9. Do any postbath clipping.
10. Keep your dog clean.

That means crating him when it’s bedtime and walking him on a leash when outside. 

Now that your dog is taken care of, what about you? Yes, you, too, are going to have to look smart for the show. That means a suit if you’re a guy and a dress or pantsuit if you’re a woman. (Occasionally, you can get by without suit coats and jackets.) No jeans or grubbies. You’re supposed to look as good as your dog!


One change to the dressed-up ensemble is that you have to have really good shoes for running about and moving. That means no high heels and no dress shoes. Sneakers or shoes with good support and good tread are a must.


People usually bring two outfits to the show: One comfortable outfit to groom in and one outfit to show in. If you’re worried you won’t be able to find a place to change, simply wear your showing outfit and bring a groomer’s apron to keep most of the hair off you.

The morning of the show

The day of the big show has arrived, and you need to put your dog through a normal routine so the both of you are ready for the show ring. Here are the steps you need to take the morning of the show:
1. Keep your dog clean by using a snood or other ear/hair covering, and always walk your dog on a leash.
2. Brush out your dog’s coat and check for areas that may need touch-up clipping.
3. Use leave-in coat conditioners if your breed and/or dog requires them (for example, your dog may need coat dressings, bodifiers, and texturizers to help make the coat look and feel the way it’s supposed to).

4. Prepare your dog’s crate and get your equipment ready for the show. Here are some items you need to have:
  • Bait pouch
  • Battery-operated portable fans (for summertime or warmer environs)
  • Bed and blankets for the dog in wintertime
  • Combs and brushes
  • Coverings like snoods to keep hair from dragging
  • Crate for your dog
  • Cut-up liver, meats, cheeses, or compressed meat rolls in tiny portions
  • Dog food
  • Electric clippers
  • Folding grooming table
  • Grooming apron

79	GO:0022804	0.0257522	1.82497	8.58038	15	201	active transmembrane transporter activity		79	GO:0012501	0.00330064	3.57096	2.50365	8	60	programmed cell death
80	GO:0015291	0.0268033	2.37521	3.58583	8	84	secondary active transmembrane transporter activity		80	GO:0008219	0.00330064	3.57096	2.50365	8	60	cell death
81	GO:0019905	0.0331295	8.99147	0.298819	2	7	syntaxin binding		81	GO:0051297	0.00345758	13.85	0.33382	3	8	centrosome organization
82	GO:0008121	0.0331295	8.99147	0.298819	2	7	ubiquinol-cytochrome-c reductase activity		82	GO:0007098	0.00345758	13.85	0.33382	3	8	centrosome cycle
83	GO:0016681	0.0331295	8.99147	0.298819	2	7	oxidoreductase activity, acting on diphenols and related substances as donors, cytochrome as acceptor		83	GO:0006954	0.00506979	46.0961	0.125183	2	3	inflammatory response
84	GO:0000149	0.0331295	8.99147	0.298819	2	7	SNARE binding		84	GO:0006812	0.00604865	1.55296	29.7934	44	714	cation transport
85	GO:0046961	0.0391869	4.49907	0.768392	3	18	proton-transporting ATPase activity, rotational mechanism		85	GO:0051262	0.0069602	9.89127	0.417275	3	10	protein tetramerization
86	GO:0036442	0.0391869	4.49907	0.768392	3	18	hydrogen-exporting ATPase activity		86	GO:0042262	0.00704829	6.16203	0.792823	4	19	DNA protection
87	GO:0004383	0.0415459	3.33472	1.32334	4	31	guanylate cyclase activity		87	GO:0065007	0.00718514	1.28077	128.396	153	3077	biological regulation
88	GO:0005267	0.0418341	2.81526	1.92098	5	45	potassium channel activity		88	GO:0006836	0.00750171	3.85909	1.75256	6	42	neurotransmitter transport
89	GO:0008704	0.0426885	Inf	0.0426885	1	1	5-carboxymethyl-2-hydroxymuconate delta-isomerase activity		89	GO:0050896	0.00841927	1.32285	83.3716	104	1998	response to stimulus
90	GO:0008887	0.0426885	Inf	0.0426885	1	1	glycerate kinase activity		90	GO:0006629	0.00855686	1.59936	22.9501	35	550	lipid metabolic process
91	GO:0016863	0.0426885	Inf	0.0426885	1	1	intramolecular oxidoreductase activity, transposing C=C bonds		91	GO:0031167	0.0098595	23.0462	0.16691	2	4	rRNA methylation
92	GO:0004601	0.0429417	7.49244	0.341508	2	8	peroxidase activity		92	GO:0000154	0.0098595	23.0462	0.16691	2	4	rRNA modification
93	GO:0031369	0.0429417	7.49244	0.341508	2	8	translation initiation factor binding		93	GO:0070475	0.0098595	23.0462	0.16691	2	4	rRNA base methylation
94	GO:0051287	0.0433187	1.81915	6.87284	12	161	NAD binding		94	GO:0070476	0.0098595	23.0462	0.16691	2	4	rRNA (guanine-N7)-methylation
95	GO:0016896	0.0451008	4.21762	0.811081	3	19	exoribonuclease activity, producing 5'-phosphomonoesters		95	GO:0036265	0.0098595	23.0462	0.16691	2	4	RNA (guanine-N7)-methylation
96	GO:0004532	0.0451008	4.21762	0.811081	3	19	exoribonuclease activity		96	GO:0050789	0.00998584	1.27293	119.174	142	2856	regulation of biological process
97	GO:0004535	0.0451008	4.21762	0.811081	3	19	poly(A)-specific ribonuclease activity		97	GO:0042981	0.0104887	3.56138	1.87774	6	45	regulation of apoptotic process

• Leave-in coat conditioners and bodifiers
  • Mat (for shows on dirt)
  • No-rinse shampoo (blue groomer’s soap)
  • Paper towels
  • Pet bowls (for food and water)
  • Plastic bags for trash and wrapping up dirty towels
  • Plastic basin (for keeping chalk off floors or for using no-rinse shampoo)
  • Poop cleanup bags or scoops
  • Rugged tack box (for all the stuff you’re hauling around)
  • Show slip-collar and leash (preferably close to your dog’s color) or show martingale (standard show collars and leads that are available online and through catalog supply retailers)
  • Spray bottles with water and other coat products
  • Toenail trimmers or grinders
  • Traveling dryer
  • Water jugs (with water), as most show sites don’t have a good and easy access to water
  • Washcloths and towels
  • X-pens or exercise pens


Most people don’t think about etiquette when it comes to their dogs, but good manners really are a necessity. Rude dog owners have made bad impressions, so much so that many hotel people don’t want to play host to any traveling pets. That’s a shame, because so many conscientious pet owners are out there. I’m sure you’re one of them!
But (lest you forget) here are some tips for taking your dog out in public: 

– Make sure your dog has basic obedience training and basic housetraining.

– Keep your dog on a leash at all times.

– Never yell or punish your dog in public — it really looks bad.

– Don’t try to sneak your dog into a hotel or other place that doesn’t allow dogs. They’ll know, trust me.

– Always crate your dog when you can’t watch him.

– Don’t leave your dog alone so he can bark in the room (or anyplace else, for that matter) and disturb other guests.

– Room service is your friend. Use it.

– If your dog must sleep on the bed, put your own blanket or towel where your dog sleeps to keep hair off the bed.

– Place your dog’s food and water bowls in the bathroom so it’s easy to clean up if anything spills.

– Don’t let your dog run loose.

– Don’t bathe your dog in the tub, and don’t groom your dog in the room. Bathe your dog at home, and groom your dog at the show site.


Without a doubt, you’ll think of other things to add to this list as you gain more show experience. The main thing to remember is that you want to keep your dog looking good and feeling healthy and comfortable — cool in the summer and warm in the winter. Depending on how far you travel to shows, you want to have enough gear to handle any grooming that you need to do while on the road.

Putting on the Finishing Touches at the Show